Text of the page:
On Thursday just gone, 6 August 2020, the International Transport Workers’ Federation (ITF) stated that Australia was ‘facing economic carnage from clogged ports as a result of a rapidly worsening crew change crisis around its coasts’.
ITF drew attention, in a media statement, to the crews of two ships in Western Australia and Victoria which it said had refused to keep sailing as of Thursday in bids for repatriation.
The Conti Stockholm, in Fremantle, and the Ben Rinnes in Geelong were identified by the ITF as the ‘latest ships to become idle and block berths due to over-contract crew enforcing their right to refuse to sail indefinitely‘.
The ITF also mentioned the alumina-carting Unison Jasper which, it said, had been held up in Newcastle since the week before.
The Conti Stockholm, a Liberian-flagged ship is owned by German company NSB Group. Here’s a photograph of her, supplied by the ITF, in Fremantle.
As of Thursday, the ITF said the ship was ‘stranded, going nowhere, as the company awaits a relief crew’. The current Romanian, Chinese, Sri Lankan, Filipino and Polish crew members reportedly had refused to sail the ship and demanded repatriation after many months at sea. These seafarers said they are over contract, and had a right under the Maritime Labour Convention to stop working at completion of their contracts, and be returned home at the employers’ expense.
Here’s a photograph, also supplied by the ITF, of seafarers from the Conti Stockholm displaying their resolve last Thursday.
The ITF says it believes the failure of governments to introduce a system of effective crew change has directly led to more seafarers being over contract and taking matters into their own hand to get home.
The second stopped ship on Thursday was the Marshall Islands-flagged Ben Rinnes, which has been chartered to cart soy product for Cargill. The Greek-owned bulk vessel was stopped in the Victorian port of Geelong after initially four, then five, of the crew told the ITF that they wanted to be repatriated following expiry of their contracts.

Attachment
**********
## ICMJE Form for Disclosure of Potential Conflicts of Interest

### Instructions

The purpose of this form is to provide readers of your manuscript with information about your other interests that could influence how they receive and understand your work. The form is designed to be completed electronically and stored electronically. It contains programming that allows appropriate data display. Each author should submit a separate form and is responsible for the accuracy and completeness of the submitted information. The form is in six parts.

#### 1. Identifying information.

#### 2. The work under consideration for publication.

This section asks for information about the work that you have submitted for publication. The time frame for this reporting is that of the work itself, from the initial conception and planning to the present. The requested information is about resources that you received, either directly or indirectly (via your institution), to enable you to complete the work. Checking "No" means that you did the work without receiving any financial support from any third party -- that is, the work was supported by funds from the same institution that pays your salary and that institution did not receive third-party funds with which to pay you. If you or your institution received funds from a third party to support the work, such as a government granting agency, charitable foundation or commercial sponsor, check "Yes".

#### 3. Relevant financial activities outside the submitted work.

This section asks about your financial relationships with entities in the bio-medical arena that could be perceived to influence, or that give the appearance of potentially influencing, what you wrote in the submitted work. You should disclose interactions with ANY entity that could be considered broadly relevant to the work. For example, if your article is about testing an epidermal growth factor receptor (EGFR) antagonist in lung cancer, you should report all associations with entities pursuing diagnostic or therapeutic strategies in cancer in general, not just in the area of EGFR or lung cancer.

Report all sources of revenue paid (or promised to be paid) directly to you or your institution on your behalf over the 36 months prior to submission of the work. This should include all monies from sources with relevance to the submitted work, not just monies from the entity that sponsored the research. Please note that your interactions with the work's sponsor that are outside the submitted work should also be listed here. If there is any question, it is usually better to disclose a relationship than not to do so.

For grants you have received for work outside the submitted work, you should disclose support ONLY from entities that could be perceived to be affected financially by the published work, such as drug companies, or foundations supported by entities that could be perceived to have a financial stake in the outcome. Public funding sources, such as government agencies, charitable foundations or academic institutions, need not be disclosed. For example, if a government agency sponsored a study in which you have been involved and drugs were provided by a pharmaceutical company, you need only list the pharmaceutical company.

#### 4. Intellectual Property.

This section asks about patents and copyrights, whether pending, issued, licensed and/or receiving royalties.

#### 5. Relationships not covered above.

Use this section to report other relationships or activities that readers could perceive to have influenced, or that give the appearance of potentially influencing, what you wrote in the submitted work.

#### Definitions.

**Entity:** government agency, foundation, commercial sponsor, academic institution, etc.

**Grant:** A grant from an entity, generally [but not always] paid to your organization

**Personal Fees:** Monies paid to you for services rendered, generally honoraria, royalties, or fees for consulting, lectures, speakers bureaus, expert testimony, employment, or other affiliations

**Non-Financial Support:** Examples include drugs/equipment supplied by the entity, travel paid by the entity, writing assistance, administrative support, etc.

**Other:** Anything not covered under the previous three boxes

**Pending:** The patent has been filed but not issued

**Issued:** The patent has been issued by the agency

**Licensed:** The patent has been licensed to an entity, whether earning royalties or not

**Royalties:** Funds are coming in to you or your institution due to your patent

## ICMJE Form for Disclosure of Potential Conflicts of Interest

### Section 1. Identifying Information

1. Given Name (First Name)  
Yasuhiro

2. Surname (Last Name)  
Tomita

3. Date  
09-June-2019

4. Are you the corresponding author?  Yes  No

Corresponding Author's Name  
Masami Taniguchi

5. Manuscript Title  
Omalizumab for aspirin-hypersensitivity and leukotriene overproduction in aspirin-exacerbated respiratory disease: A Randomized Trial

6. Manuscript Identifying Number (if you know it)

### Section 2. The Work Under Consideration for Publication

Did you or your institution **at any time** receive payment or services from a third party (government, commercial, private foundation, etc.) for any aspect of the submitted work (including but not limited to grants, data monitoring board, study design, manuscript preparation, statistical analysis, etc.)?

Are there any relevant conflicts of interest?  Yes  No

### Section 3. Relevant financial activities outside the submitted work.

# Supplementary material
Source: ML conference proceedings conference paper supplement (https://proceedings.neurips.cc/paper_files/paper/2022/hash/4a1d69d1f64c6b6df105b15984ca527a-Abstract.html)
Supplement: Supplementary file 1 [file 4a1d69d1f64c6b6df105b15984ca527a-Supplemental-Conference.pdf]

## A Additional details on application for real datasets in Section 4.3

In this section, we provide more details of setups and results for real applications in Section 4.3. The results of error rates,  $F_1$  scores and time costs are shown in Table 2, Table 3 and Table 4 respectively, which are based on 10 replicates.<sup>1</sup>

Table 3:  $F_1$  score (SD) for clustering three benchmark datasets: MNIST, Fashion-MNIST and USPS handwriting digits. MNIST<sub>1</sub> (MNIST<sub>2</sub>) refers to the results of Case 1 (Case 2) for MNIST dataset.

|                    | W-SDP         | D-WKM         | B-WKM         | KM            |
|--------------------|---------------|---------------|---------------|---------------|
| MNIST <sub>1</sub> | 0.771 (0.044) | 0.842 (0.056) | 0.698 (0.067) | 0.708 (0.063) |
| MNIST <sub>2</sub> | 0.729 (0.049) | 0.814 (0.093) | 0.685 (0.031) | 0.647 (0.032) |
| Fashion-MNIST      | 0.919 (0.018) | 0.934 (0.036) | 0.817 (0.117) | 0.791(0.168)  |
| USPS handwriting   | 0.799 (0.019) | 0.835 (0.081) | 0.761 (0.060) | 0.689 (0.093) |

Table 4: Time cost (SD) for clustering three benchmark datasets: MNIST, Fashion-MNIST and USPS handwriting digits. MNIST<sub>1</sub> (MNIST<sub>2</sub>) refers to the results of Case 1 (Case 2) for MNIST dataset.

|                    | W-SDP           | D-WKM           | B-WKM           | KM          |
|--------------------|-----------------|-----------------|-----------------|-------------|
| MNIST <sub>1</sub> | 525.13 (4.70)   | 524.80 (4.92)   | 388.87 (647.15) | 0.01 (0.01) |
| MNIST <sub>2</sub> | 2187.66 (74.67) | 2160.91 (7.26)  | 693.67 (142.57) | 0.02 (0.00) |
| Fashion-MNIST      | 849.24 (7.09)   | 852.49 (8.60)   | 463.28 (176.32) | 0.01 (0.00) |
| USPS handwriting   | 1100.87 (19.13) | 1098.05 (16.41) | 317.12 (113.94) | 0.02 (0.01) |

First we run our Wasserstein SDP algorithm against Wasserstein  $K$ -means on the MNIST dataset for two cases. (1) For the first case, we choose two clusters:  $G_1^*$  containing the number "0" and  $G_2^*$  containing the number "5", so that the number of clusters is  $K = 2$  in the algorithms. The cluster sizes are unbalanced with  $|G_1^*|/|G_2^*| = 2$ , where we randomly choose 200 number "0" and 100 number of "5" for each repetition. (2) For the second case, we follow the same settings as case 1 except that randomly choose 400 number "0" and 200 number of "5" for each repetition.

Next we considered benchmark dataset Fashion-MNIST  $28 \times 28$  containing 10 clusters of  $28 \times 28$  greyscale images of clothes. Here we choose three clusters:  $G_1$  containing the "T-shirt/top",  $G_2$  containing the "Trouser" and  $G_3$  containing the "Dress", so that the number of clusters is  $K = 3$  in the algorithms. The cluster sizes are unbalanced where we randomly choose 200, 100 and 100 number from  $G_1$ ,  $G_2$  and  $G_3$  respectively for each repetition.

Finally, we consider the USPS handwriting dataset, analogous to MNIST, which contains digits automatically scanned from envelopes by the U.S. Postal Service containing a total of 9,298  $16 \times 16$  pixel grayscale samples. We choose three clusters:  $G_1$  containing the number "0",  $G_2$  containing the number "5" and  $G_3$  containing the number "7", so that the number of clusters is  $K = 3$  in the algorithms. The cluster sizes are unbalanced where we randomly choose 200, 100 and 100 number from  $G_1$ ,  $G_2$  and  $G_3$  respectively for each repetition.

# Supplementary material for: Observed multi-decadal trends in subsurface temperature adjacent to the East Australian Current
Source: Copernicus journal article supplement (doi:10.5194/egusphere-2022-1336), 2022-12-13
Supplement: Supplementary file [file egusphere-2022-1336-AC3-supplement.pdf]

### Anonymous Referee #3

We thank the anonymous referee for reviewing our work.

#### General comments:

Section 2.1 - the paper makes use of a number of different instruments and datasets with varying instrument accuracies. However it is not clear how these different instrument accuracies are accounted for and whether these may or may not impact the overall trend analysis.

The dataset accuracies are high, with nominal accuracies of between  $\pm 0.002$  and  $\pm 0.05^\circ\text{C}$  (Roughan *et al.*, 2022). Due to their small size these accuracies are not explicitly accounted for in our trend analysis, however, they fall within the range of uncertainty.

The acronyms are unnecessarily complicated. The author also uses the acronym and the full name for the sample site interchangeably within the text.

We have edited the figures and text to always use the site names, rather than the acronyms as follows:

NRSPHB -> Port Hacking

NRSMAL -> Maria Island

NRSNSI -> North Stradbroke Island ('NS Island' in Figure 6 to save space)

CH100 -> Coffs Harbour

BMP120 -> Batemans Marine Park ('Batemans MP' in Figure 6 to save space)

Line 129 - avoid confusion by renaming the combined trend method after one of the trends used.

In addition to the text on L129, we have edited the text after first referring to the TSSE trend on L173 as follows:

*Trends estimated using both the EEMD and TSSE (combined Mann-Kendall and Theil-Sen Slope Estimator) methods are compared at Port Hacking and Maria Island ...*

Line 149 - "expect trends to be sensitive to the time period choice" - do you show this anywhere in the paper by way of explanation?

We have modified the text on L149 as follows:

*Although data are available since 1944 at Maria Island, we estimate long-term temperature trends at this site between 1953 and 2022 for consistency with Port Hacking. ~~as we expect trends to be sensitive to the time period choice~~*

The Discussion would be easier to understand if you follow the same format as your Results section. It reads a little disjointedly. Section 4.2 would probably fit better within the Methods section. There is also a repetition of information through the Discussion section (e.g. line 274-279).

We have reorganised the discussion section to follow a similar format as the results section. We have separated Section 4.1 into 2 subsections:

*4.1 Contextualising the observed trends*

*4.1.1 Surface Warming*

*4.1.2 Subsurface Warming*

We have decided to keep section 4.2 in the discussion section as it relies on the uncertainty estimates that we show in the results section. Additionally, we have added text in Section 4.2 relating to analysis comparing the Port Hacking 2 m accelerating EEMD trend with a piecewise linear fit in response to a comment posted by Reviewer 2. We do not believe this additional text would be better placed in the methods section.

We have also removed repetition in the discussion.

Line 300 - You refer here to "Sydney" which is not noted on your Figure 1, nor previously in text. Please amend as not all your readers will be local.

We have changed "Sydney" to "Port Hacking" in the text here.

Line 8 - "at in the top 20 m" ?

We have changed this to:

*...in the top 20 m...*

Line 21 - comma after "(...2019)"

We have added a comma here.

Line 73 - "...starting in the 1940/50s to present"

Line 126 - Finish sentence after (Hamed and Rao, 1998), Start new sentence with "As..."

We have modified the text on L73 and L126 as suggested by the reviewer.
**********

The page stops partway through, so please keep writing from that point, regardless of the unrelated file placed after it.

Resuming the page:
The ITF say that all of the Ben Rinnes crew who have taken a stand to get off have been on board for longer than the legal maximum, except for just one, who will go beyond the 11 month limit within the next 30 days.
One of the crew has been more than 17 months on board. The crew have told the ITF that they signed five month extensions after their nine month tour, on a promise from the owners to repatriate them. As of yet there are no plans by the company to get them home.
ITF Coordinator for Australia Dean Summers says the federation and its affiliate the Maritime Union of Australia are answering the call of seafarers who are exercising their human right to stop working once their contracts have finished.
“The crews of these two ships have bravely stood up and said that they will not be leaving these ports to do another tour of duty on what amount to floating prisons. They have finished the contracts they signed up for, and now they are getting off. It is not their fault that governments like Australia are so profoundly disinterested in shipping that these governments have not used the last five months of this pandemic to find a way to get international seafarers to and from our ports,” Dean Summers said.
As of Sunday 9 August 2020, the latest reported positions of the three ships appears to be as follows.
The Conti Stockholm seems to have departed from Fremantle be sailing for Malaysia as scheduled. It may be assumed the crewing issues have been resolved.
However, the Ben Rinnes remains in Geelong.
And the Unison Jasper remains in Newcastle.